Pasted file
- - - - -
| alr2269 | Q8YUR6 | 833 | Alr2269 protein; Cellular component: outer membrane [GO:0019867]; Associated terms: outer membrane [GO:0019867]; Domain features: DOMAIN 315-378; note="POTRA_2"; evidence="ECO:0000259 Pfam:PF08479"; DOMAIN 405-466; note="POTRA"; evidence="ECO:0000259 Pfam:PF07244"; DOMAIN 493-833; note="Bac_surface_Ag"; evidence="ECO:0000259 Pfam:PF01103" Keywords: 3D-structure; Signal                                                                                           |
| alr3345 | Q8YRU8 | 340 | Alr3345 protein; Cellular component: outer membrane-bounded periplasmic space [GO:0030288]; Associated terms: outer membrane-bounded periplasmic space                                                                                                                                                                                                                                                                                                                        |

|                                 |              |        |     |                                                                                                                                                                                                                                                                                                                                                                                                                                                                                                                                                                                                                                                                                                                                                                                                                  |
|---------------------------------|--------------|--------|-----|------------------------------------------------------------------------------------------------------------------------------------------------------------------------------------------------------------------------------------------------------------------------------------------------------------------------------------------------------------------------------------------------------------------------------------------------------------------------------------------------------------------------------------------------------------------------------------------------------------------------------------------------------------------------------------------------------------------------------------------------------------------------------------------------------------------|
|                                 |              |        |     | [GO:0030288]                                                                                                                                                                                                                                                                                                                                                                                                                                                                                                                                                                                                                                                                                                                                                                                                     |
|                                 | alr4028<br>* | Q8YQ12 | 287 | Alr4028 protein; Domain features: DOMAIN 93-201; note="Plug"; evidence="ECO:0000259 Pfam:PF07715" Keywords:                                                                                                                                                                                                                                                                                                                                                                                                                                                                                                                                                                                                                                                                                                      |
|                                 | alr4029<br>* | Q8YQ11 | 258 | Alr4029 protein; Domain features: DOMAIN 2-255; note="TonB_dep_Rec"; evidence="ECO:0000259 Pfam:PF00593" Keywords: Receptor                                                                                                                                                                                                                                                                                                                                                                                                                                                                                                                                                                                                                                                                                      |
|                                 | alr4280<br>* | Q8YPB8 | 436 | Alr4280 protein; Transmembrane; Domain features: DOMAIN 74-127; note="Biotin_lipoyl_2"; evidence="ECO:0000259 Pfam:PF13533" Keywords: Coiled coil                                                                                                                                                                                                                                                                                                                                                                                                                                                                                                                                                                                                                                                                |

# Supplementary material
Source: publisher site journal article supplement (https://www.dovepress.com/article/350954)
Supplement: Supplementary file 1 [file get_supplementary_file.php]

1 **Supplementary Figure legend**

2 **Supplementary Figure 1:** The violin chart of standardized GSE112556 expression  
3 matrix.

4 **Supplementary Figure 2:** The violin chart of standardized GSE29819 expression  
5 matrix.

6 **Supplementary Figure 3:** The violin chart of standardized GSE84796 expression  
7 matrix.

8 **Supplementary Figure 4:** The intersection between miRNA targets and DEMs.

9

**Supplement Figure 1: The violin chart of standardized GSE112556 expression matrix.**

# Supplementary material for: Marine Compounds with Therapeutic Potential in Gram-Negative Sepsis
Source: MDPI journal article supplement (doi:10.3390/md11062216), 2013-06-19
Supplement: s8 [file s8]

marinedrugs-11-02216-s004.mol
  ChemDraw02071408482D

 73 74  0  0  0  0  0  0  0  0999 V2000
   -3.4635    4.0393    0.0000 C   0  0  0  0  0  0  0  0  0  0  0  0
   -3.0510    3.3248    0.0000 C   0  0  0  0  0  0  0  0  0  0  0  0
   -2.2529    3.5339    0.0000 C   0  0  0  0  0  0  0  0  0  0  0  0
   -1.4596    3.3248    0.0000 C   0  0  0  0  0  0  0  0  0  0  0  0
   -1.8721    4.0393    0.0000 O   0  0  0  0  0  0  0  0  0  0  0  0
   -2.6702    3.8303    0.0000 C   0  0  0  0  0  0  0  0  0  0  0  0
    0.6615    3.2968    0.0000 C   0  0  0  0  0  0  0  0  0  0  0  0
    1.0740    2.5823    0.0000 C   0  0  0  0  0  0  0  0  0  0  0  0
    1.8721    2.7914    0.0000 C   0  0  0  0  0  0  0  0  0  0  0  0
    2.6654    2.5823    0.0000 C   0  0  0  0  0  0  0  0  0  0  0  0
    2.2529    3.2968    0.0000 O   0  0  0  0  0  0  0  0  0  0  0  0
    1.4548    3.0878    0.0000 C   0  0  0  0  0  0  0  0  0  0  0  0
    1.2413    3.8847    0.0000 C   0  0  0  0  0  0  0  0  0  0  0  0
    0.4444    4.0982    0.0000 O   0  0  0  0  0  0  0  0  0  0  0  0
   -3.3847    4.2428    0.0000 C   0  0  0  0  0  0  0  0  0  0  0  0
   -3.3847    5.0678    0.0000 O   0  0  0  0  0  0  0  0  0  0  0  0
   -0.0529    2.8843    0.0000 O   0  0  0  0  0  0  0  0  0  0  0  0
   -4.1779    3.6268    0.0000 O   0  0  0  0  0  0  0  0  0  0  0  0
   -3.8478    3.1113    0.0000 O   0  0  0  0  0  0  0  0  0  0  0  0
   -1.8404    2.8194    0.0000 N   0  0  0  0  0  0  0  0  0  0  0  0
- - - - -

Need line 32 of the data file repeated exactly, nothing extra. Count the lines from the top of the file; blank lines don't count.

   -1.8721    4.0393    0.0000 O   0  0  0  0  0  0  0  0  0  0  0  0